“They aren’t allowed to be protective of their space, but they know it is a safe area where they can rest peacefully,” Thomas says. “The dogs now trust that they won’t be hurt by our daughter, so both are very accepting of her.”

Welcome home!

Before coming home from the hospital, send your husband or a relative home with a blanket that smells like your baby. Introduce the new scent to your dog with treats and praise. Before you arrive home, have a friend or relative crate your dog or put him in a safe room.

“You don’t have to introduce your dog to your baby on the day you come home from the hospital. In fact, for most people, that’s a really bad idea,” Thibodeau says.

With hormones soaring, you may feel anxious or stressed when first coming home with your baby. Dogs can sense your stress, which raises their own stress levels. When you feel calm, have your husband control your dog on a leash and hold your baby while seated.

Since a dog learns about the world through smell, allow him to sniff the diaper area and your baby’s feet (cover your baby’s feet with booties or socks). Avoid the baby’s head, face and fingers. Watch for subtle body language, including tongue flicking and looking or turning away — early signs that your dog feels uncomfortable and wants to disengage. Immediately consult with a certified dog trainer with experience in behavioral modification if your dog exhibits any aggressive behavior. Never leave your dog alone with your child. Even a well-trained dog could bite a child who is climbing on it or pulling on its tail or ears.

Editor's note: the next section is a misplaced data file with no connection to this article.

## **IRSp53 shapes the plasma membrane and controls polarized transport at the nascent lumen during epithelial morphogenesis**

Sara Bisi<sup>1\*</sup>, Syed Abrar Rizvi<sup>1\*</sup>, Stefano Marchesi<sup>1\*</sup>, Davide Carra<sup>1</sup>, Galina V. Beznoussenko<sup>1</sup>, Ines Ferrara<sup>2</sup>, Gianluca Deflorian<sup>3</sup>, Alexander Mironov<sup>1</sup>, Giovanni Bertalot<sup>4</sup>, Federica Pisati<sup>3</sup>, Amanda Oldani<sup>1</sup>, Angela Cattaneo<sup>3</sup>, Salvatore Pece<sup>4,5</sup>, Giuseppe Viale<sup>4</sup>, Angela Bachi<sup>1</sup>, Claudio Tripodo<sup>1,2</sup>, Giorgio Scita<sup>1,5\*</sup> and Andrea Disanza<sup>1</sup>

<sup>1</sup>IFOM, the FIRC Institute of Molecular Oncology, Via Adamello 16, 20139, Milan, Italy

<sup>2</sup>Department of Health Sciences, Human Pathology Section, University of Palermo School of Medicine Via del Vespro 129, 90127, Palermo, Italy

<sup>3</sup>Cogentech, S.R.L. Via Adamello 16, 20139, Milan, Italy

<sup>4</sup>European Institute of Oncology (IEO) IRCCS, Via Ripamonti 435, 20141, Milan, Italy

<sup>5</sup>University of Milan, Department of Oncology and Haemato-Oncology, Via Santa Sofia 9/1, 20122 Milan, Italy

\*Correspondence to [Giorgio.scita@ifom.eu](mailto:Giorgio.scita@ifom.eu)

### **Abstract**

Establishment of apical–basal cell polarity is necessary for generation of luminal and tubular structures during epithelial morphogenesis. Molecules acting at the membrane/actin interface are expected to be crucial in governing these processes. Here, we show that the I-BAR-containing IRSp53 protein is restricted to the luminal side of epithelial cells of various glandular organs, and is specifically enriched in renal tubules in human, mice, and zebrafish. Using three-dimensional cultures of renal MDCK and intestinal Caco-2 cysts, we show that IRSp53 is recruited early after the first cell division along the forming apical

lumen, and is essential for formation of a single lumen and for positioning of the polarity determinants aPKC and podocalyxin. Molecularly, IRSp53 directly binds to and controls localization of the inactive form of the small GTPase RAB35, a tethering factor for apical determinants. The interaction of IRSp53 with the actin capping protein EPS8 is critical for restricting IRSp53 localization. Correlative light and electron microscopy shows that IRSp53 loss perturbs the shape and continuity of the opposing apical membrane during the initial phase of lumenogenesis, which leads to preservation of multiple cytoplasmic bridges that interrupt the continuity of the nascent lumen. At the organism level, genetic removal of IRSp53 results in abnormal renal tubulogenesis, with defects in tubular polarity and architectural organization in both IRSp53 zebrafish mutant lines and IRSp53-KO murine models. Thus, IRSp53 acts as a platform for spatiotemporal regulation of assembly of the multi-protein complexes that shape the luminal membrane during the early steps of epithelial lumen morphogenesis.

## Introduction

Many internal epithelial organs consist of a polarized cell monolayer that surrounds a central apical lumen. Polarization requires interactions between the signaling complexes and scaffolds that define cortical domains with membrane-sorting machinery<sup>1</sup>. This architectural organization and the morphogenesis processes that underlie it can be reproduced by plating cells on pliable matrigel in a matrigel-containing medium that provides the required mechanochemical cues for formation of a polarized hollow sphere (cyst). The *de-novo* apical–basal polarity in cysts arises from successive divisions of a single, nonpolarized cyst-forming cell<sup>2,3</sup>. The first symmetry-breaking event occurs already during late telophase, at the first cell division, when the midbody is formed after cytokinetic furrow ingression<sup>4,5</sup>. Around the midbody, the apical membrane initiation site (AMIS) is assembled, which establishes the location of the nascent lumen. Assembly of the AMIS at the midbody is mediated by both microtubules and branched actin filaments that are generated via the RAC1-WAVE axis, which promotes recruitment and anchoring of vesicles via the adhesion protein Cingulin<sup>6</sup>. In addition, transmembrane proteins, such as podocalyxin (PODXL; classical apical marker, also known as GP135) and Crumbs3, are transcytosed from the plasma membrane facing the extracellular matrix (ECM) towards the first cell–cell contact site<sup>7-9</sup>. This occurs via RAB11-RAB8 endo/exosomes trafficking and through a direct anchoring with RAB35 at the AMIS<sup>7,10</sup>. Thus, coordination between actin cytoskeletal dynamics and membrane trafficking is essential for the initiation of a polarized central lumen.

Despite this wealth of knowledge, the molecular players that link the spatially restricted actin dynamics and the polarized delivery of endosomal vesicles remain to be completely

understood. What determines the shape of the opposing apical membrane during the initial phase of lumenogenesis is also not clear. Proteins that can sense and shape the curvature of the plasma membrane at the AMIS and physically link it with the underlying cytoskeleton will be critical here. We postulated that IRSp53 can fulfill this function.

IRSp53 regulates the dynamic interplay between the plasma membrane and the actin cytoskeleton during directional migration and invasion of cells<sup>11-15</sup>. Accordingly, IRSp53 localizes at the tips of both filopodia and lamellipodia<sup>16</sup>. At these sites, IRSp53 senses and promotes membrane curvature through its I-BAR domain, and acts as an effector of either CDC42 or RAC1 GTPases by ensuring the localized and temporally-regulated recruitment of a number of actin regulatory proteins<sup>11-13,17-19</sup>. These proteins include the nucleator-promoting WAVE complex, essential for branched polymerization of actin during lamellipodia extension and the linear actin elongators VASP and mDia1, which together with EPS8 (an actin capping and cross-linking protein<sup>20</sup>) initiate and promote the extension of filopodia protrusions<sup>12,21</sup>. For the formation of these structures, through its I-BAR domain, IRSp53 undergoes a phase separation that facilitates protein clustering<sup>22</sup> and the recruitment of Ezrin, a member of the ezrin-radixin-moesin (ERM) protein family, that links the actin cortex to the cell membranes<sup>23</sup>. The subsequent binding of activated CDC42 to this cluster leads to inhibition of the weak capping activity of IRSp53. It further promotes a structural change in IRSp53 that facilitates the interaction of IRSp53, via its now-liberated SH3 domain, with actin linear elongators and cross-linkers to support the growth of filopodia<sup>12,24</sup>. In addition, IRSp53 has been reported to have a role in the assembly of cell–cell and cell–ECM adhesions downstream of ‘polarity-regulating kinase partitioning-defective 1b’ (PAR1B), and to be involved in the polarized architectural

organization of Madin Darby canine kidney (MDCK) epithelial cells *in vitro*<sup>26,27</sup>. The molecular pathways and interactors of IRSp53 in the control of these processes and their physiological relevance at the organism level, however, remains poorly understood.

16 Tips for Introducing Your Pup to your New Baby

1. Make gradual changes to your dog’s routines.

2. Lessen the amount of play and attention you give your dog two to three weeks before the your little one comes home.

3. Play a tape recording of various baby sounds.

4. Acclimate your dog to the new smells, including lotion, powder, etc.

5. Before Baby arrives, teach your dog to “go to place.”

6. When you arrive home with the newborn, first greet your dog alone so it doesn’t get excited and jump on the baby.

7. Allow your dog to adjust to the smell, sight and sound of the baby for a few days before introducing them in closer proximity.

8. After a few days, allow the dog to sniff the baby while controlled on a leash.

9. Once your dog is used to the infant’s smell, allow the dog to sniff the baby off leash.

10. Give your dog plenty of attention when the baby is around.

11. Don’t scold the dog for picking up the baby’s toys.

12. Babies change quickly, and it can be difficult for the dog to adapt as quickly.

13. Once your little one begins to crawl, make sure that he doesn’t pull on the dog’s tail or ears.

14. Never leave even the most trusted dog alone with a baby or small child.

15. Have “safety zones” for the dog.

16. It is OK to keep the dog out of the baby’s room with a gate, etc., especially if he is curious and attempts to jump on the crib or changing table.

Source: American Kennel Club